Jane Kenyon was a wonderful poet. She died of leukemia at the age of 48. She wrote,
There are things in life that we must endure which are all but unendurable, and yet I feel that there is a great goodness. Why, when there could have been nothing, is there something? This is a great mystery. How, when there could have been nothing, does it happen that there is love, kindness, beauty?1
Among the many poems in Otherwise: New & Selected Poems by Jane Kenyon, I have chosen the following:
At the Feeder
First the Chickadees take
their share, then fly
to the bittersweet vine,
where they crack open the seeds,
excited, like poets
opening the day’s mail.
And the Evening Grosbeaks–
those large and prosperous
with the latest equipment, bright
yellow goggles on their faces.
Now the Bluejay comes in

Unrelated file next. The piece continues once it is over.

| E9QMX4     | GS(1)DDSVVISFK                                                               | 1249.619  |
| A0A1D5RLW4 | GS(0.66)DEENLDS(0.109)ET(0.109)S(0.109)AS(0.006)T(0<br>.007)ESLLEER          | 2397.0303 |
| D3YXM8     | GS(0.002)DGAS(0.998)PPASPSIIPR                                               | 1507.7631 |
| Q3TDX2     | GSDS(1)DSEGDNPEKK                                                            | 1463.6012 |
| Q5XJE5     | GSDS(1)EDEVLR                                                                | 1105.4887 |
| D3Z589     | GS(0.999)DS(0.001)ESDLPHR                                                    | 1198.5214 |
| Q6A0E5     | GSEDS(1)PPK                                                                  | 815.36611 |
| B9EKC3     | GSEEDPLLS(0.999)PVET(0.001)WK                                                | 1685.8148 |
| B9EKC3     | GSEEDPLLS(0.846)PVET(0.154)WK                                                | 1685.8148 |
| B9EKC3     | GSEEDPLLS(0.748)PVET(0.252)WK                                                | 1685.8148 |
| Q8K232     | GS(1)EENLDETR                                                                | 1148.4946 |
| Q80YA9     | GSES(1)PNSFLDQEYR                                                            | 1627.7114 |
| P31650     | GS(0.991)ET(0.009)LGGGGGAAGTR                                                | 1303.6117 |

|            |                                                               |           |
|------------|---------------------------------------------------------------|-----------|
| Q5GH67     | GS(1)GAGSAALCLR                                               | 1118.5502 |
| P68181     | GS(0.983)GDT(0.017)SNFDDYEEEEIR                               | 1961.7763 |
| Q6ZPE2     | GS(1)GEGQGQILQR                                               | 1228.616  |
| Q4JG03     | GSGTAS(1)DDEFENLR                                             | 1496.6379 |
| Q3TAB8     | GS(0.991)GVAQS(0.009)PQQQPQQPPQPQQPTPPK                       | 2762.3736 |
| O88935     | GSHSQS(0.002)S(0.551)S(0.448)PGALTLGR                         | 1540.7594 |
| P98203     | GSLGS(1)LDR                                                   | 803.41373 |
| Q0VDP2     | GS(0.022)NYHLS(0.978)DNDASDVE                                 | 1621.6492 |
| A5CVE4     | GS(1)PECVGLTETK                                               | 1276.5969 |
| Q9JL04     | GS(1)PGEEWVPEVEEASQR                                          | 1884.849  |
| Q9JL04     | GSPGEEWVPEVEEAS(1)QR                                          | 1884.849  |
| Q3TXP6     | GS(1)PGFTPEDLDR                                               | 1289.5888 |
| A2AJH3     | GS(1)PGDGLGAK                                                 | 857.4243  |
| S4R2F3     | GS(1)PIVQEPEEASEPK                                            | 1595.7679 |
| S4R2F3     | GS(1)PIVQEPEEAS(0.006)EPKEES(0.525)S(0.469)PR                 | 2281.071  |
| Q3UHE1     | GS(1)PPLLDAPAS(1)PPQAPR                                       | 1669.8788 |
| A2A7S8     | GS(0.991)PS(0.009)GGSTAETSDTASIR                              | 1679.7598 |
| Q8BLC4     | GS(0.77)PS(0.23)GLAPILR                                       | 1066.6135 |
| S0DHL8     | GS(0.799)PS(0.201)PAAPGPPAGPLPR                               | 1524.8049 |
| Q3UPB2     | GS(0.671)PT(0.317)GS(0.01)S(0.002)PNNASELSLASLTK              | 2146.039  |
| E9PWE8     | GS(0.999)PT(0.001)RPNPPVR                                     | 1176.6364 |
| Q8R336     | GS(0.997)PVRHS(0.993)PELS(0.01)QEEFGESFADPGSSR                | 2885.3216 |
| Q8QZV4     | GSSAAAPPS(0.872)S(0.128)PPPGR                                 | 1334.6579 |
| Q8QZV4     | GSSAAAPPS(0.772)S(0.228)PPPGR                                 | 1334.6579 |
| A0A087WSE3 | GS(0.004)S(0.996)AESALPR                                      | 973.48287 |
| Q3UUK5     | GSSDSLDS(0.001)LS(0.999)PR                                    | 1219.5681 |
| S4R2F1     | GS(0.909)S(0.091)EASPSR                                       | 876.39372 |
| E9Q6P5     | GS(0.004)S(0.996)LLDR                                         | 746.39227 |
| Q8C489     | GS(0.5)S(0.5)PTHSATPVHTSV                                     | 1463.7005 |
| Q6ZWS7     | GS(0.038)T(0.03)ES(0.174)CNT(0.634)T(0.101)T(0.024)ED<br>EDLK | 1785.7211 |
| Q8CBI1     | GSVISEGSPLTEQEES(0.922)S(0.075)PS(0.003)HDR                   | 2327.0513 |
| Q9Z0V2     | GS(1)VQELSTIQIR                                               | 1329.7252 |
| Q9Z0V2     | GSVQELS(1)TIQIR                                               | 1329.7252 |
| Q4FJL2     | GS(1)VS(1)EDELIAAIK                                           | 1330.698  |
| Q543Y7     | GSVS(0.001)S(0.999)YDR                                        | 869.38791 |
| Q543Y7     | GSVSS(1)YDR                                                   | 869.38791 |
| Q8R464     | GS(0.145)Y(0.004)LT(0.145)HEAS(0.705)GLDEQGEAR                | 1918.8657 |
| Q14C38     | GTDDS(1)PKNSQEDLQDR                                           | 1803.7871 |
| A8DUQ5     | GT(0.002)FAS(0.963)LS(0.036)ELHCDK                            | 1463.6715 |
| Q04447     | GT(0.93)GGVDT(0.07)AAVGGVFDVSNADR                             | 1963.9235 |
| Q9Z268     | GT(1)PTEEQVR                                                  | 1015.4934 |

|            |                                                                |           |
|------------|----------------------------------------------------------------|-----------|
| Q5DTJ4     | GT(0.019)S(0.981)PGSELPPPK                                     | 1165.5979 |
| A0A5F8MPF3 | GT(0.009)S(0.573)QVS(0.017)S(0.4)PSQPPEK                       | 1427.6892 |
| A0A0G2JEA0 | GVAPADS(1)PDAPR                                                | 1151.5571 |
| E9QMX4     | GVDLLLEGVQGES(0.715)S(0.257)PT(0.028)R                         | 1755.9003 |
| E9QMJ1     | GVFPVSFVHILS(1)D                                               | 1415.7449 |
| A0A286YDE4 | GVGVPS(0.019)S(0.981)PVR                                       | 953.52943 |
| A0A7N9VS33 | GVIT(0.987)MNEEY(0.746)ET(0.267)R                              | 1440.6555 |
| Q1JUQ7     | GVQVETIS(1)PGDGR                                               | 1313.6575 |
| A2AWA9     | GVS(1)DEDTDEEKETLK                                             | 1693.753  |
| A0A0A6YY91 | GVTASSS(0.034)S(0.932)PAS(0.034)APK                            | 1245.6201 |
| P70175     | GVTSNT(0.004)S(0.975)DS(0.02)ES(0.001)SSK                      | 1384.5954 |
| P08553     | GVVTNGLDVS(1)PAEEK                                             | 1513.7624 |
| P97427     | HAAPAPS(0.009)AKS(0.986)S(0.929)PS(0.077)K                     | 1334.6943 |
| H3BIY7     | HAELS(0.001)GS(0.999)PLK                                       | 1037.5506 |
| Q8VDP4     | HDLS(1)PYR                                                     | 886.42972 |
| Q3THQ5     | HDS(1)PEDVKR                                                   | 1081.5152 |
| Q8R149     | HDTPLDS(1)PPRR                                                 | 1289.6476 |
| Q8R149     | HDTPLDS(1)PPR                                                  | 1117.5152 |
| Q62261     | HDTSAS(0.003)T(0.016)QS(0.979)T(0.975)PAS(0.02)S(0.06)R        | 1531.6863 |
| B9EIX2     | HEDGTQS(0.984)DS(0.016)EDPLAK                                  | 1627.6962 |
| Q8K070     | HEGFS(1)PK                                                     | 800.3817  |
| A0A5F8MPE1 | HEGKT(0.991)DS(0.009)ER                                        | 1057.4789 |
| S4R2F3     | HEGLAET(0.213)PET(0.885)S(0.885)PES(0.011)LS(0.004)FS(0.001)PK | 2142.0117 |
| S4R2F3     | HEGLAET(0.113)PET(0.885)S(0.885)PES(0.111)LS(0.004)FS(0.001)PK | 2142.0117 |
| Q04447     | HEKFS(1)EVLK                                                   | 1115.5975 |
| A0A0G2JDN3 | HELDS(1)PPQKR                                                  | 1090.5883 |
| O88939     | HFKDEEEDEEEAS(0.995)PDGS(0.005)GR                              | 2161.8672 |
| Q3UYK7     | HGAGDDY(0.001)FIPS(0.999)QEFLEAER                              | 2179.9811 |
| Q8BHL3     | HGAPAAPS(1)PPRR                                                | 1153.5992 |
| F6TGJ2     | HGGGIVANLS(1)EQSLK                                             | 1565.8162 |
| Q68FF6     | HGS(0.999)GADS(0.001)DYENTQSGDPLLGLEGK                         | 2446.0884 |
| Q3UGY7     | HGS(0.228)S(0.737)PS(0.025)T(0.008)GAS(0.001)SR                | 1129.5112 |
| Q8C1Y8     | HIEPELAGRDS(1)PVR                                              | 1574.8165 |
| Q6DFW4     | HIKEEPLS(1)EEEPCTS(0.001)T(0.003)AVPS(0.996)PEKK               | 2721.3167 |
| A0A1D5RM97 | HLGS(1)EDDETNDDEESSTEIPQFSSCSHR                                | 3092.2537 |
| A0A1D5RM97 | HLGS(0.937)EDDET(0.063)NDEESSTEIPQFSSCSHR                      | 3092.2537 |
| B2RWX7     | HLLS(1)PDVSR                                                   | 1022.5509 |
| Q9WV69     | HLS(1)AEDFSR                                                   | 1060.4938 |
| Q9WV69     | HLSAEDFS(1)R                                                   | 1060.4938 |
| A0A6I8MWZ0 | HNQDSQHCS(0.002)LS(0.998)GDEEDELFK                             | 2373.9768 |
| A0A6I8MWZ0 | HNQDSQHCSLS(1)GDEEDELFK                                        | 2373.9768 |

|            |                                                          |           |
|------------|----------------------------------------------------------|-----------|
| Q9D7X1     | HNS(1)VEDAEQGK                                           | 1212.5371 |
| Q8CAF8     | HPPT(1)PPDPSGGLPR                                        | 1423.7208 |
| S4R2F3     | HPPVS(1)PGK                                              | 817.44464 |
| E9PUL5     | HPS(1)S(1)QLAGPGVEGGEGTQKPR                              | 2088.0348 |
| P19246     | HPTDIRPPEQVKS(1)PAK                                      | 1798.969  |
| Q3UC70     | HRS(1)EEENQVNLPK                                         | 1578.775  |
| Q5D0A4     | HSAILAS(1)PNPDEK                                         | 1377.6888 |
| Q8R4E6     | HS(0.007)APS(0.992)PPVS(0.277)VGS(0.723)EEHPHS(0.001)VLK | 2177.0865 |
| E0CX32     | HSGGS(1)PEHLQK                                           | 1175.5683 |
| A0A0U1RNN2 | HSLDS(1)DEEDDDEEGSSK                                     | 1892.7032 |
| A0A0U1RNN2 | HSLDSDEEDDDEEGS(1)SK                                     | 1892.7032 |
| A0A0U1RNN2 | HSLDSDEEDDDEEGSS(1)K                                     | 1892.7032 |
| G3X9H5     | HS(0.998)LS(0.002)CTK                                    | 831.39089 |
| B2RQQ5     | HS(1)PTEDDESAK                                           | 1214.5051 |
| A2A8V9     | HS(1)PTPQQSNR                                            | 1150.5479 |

for a landing, like a SAC bomber
returning to Plattsburgh
after a day patrolling the ozone.
Every teacup in the pantry rattles.
The solid and graceful bodies
of Nuthatches, perpetually
upside down, like Yogis . . .
and Slate-Colored Juncoes, feeding
on the ground, taking only
what falls to them.
The cats watch, one
from the lid of the breadbox,
another from the piano. A third
flexes its claws in sleep, dreaming
perhaps, of a chicken neck,
or of being worshiped as a god
at Bubastis, during
the XXIII dynasty.
What makes life worth living if not “love, kindness, beauty” and perhaps a bit of humor.
We have a beautiful Korat cat named Jinx. He too watches the birds at our feeders. And the beautiful birds come all 12 months of the year. Like Jinx, I too like to watch them, though perhaps with a different desire.
One of my Autumn haiku:
a beautiful morning:
just watching the birds feeding
and the leaves falling
May you all rejoice in the beauty around you–blessings of God. As always, feel free to share this blog with others. And comments are always welcomed–really! Peace, LaMon
1 Good Poems for Hard Times by Garrison Keillor, p.314.